Just a week ago the stock market was looking quite vulnerable as most of the major averages closed near their lows last Friday, April 11. There were signs of heavy selling, so I concluded last week that "On a short-term basis, the market is getting oversold, so we should see a bounce this week. Unless it is quite strong, it will likely be an opportunity to become more defensive and raise some cash."
The higher close last Monday signaled the rebound was indeed underway and made Wednesday's action pivotal as a sharply lower close would have signaled that the rebound was over and that investors should prepare for a further decline.
Instead, Janet Yellen's clarifying comments at the Economic Club of New York seemed to calm the markets and bring in more buyers. She made it clear that the Fed would keep rates low as long as needed to be sure the recovery stayed on track.
She also seemed more worried about deflation than inflation as she said "inflation persistently below 2% could pose risks to economic performance." The Fed continues to think that the recent soft data is due in part to the very hard winter.
This has been dismissed by many analysts early, but I continue to think much of the weakness is weather related. This was the spring thaw I discussed in February. The concern that a weaker economy would not support the lofty stock prices was one of the reasons many bailed out of stocks, especially those with suspect earnings.
So far, the earnings season has not been as bad as many feared. To be sure, there have been some big misses but also some results that were much better than expected. This earnings season may end up as a positive for the markets.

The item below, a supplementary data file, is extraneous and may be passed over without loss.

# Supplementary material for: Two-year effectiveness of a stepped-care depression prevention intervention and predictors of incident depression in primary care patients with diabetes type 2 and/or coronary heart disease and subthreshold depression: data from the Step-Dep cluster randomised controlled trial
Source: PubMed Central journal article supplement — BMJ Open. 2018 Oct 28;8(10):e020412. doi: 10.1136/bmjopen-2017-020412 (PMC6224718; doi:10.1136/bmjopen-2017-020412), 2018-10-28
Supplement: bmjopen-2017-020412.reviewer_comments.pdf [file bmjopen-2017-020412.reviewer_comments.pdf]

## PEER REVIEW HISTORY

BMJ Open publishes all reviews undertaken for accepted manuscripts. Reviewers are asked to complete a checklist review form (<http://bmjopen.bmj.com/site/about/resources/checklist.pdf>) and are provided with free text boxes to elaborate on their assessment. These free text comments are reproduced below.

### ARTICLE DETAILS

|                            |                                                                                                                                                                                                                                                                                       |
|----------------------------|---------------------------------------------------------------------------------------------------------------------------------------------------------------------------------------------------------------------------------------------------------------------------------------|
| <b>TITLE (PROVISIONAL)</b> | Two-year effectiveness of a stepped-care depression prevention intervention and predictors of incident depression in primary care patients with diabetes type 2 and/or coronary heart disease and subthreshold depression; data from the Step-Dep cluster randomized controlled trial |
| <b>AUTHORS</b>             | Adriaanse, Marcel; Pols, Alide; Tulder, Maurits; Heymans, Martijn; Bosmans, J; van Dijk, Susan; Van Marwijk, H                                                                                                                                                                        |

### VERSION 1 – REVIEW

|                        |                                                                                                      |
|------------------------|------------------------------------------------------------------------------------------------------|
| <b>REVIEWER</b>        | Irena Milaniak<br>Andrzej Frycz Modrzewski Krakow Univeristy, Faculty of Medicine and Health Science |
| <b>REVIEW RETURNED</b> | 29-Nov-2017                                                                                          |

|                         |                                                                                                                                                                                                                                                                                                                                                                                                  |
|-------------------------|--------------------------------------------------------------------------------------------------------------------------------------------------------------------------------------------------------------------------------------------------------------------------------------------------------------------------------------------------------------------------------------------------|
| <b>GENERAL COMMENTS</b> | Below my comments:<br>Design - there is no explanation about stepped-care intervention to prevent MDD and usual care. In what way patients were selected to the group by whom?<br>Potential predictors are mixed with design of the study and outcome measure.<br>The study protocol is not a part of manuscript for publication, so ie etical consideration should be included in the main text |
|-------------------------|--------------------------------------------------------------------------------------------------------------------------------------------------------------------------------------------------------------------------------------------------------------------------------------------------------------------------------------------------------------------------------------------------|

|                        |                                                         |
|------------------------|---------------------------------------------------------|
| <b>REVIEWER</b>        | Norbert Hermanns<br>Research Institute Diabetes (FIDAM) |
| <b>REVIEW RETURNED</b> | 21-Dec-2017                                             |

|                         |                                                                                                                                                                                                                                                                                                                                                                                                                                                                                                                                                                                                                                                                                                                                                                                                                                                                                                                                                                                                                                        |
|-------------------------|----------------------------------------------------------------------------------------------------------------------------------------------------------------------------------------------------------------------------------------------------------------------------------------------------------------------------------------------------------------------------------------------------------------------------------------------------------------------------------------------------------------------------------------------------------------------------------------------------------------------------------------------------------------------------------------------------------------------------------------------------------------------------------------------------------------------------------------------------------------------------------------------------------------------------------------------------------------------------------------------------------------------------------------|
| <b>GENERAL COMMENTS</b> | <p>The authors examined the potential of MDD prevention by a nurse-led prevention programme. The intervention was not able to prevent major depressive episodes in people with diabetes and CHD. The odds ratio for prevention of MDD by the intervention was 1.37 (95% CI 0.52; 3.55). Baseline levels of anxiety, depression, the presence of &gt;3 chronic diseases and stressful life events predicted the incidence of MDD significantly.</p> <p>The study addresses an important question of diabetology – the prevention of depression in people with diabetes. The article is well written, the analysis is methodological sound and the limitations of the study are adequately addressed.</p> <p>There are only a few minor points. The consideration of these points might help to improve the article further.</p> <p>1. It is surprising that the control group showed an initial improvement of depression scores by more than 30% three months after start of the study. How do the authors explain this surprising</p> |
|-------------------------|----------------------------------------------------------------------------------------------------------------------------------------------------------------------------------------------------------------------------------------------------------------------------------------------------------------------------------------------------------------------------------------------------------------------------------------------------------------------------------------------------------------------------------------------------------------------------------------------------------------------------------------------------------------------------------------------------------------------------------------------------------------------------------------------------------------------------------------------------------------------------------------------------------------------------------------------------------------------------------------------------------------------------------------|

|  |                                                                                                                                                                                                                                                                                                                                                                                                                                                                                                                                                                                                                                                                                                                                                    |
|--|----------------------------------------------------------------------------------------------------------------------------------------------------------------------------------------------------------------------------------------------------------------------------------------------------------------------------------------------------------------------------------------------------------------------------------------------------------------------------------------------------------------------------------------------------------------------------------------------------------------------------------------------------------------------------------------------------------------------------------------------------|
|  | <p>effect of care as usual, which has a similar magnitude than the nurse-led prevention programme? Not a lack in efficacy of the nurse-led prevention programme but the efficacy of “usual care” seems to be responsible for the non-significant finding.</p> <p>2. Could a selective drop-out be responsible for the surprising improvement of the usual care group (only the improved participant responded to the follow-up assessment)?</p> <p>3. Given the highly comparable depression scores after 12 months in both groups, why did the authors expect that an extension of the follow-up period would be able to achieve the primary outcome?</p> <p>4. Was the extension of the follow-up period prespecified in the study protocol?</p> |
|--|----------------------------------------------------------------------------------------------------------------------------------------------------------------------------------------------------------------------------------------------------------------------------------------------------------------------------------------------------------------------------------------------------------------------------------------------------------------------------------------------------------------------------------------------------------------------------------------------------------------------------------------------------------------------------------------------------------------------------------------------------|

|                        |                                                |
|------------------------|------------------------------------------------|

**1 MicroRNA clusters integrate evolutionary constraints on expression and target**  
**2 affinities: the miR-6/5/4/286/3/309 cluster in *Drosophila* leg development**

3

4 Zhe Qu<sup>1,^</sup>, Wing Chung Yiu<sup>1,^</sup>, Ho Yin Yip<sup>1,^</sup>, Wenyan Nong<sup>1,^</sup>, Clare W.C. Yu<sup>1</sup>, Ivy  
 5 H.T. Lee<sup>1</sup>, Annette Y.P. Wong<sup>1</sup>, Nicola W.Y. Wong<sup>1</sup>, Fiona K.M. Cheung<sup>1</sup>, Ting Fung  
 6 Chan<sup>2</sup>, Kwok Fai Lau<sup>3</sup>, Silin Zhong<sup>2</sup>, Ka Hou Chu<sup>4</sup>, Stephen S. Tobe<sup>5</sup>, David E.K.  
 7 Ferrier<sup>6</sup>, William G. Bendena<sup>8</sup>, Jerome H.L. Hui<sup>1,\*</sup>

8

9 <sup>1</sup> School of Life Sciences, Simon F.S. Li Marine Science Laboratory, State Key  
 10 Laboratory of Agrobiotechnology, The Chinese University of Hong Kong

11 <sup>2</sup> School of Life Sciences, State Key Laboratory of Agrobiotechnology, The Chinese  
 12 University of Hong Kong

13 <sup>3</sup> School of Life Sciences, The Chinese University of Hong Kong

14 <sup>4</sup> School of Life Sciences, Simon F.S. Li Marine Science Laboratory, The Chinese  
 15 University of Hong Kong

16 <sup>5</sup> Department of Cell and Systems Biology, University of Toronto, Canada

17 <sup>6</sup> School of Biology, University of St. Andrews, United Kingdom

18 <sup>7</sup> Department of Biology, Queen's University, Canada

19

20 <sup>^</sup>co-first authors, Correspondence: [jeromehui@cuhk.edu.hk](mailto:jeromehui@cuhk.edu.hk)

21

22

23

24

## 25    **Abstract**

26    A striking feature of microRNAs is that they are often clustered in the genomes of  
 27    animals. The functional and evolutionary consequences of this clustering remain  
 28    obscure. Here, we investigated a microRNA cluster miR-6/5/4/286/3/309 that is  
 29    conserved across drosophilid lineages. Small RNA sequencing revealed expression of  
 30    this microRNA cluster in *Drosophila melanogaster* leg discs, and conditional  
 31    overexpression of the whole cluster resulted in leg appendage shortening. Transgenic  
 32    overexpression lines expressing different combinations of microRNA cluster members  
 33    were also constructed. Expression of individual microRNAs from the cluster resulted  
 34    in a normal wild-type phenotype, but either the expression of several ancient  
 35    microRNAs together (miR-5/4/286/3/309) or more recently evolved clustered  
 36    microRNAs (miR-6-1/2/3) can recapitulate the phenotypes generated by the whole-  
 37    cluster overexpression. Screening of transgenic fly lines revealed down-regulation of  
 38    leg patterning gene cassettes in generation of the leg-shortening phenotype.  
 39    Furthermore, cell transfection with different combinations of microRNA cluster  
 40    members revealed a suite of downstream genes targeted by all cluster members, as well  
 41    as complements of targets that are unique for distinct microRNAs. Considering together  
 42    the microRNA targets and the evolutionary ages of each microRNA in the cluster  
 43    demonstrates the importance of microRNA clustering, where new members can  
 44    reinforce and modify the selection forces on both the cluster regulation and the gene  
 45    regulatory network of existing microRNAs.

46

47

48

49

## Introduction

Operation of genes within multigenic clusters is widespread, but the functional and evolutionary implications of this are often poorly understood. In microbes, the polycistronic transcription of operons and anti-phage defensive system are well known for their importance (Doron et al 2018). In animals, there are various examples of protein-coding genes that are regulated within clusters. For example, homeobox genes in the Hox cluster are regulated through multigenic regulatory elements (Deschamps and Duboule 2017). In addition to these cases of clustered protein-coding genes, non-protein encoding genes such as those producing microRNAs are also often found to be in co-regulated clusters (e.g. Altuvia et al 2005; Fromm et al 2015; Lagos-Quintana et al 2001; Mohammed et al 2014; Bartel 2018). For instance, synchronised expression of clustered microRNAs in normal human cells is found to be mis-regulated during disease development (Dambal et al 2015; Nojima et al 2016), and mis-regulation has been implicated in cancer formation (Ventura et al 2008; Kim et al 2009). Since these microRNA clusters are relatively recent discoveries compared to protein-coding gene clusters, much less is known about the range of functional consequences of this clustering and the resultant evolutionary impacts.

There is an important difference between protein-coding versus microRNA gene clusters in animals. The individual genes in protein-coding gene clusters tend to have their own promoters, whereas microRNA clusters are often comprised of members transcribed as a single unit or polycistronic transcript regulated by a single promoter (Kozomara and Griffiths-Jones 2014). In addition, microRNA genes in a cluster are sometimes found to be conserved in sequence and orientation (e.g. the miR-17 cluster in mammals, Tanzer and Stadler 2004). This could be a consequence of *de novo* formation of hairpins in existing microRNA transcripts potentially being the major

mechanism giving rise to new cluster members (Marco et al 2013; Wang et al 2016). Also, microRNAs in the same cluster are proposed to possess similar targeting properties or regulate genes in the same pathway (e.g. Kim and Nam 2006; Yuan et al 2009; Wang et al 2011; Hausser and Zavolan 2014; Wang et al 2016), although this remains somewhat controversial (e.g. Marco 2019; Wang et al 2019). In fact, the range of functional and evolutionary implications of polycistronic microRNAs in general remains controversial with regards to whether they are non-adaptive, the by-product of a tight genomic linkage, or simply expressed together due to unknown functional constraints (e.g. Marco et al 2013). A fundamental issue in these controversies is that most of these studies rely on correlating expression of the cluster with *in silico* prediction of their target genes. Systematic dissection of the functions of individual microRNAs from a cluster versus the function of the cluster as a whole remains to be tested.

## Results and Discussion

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The S&P 500 closed higher each day last week and gained 2.7%, which was its best weekly performance since last July. The Nasdaq Composite was up 2.4% as the hemorrhaging in the tech and biotech stocks seems to be over. The sharp decline in these sectors and small-cap stocks is now looking more like sector rotation.
The % change chart of some of the consumer Internet stocks illustrated the wild swings, so far, in 2014. For example on March 4, Yelp Inc. (YELP) was up over 46% for the year, but as of last Thursday's close, it is now down 4.5%. Facebook Inc. (FB) has done a bit better as it peaked a few days after YELP and was up close to 32%. It is still positive for the year but now shows just a 7% gain.
Twitter, Inc. (TWTR) has spent very little time in positive territory this year, and even though it has bounced recently, it is still down over 33% for the year. In comparison, the PowerShares QQQ Trust (QQQ) looks relatively stable as after being up almost 5% in March it is now down 0.8%.
The weekly chart of the PowerShares QQQ Trust (QQQ) shows that the decline has not yet reached the 38.2% Fibonacci support at $82.57. Therefore, there is no evidence of a change in the major trend. The weekly OBV did drop below its WMA and violated the uptrend from the September lows, line a. It has held well above the long-term support at line b and turned up last week.
Most of the major global markets have had a rough time, so far, in 2014 with the German Dax down 1.5%, the Hang Seng Index dropping 2.5%, and Japan's NK225 even worse as it is down 10.9%. This poor performance, combined with the publicity blitz over Michael Lewis' new book, has given many investors a reason not to buy stocks. I think that the misguided emphasis of the financial media, which I pointed out a few weeks ago, did a disservice to the investing public.
According the AAII, the percentage of bullish investors is now down to 27.2% after reaching 55% at the end of 2013. This reflects the increasing fear of or distrust of the stock market by many investors. Though this is bullish for stocks, it may keep the public out of the market until it is much higher.
Though there are still concerns over the situation in the Ukraine and the health of China's economy, I see signs of continued improvement in the global economy. It was just two years ago that many analysts were predicting that Greece would drop out of the European Union and that it might totally fall apart.
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That is why I found this chart of Greek bond yields quite amazing as yields started to rise in 2011 when their economic plight worsened. In March 2012, the yield rose to over 30% after new austerity measures were passed and there were riots in Athens. Now the yield is below 6% and back to the levels seen in early 2010. Though the weaker Eurozone countries still have problems, they are getting better, which suggests to me that the Eurozone is on the mend.